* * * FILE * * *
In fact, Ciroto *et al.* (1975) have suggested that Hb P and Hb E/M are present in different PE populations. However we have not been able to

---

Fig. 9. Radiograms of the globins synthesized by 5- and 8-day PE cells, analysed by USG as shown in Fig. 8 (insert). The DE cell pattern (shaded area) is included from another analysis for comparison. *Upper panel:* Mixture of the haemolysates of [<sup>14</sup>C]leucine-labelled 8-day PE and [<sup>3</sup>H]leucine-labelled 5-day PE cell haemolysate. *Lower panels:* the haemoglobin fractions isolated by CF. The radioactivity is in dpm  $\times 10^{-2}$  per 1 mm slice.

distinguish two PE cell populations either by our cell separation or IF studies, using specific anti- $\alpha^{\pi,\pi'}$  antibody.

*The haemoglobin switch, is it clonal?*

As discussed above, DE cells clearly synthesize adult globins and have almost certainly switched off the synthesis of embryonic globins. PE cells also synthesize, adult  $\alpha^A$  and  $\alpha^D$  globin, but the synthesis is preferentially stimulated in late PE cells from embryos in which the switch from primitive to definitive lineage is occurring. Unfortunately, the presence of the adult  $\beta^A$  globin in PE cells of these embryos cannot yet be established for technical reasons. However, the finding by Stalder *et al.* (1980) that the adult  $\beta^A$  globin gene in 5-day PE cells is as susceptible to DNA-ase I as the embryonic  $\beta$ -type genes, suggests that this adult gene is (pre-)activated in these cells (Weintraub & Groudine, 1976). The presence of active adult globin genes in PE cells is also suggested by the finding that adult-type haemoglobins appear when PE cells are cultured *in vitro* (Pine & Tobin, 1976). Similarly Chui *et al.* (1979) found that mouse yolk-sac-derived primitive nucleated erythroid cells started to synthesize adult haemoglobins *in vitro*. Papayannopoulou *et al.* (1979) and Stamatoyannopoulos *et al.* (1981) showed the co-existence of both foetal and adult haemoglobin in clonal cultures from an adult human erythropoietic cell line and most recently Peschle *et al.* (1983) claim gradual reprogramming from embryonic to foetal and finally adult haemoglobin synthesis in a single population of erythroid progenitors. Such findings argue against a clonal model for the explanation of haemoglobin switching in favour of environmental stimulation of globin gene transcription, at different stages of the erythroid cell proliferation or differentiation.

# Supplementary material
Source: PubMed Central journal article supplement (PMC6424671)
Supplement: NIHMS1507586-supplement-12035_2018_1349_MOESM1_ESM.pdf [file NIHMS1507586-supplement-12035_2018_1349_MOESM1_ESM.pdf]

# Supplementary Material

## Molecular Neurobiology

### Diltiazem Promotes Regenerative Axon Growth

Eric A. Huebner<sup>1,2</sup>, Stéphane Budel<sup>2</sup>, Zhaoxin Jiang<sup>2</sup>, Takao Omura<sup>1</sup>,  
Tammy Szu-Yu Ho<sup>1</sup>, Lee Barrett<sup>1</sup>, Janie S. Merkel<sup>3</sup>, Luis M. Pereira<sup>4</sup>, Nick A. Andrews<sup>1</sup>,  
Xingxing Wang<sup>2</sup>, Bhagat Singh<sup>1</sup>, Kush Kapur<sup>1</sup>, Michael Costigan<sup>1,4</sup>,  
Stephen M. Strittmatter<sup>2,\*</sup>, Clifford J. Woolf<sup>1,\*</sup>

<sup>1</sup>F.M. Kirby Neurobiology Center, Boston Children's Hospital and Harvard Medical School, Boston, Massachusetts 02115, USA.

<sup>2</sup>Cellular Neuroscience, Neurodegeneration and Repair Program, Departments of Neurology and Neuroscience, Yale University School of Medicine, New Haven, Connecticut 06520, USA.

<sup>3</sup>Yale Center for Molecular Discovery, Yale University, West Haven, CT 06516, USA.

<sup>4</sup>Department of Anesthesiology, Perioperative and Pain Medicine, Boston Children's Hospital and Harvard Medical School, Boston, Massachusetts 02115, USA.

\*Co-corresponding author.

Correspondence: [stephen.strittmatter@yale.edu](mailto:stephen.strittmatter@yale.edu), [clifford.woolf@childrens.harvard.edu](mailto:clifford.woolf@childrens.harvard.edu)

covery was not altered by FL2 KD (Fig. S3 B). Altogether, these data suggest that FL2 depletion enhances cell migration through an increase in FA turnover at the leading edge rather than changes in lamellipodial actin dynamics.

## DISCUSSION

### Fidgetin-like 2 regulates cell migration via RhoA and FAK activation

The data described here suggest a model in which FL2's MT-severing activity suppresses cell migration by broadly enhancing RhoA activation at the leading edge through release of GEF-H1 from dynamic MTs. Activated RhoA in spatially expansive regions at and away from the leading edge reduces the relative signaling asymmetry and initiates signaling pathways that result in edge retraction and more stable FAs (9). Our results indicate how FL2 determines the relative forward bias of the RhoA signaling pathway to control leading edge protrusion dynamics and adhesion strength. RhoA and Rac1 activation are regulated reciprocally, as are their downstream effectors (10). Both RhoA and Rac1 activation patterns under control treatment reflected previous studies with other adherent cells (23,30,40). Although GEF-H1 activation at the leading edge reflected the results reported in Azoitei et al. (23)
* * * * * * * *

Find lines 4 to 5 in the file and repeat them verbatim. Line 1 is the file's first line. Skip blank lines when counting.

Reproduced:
distinguish two PE cell populations either by our cell separation or IF studies, using specific anti- $\alpha^{\pi,\pi'}$  antibody.

*The haemoglobin switch, is it clonal?*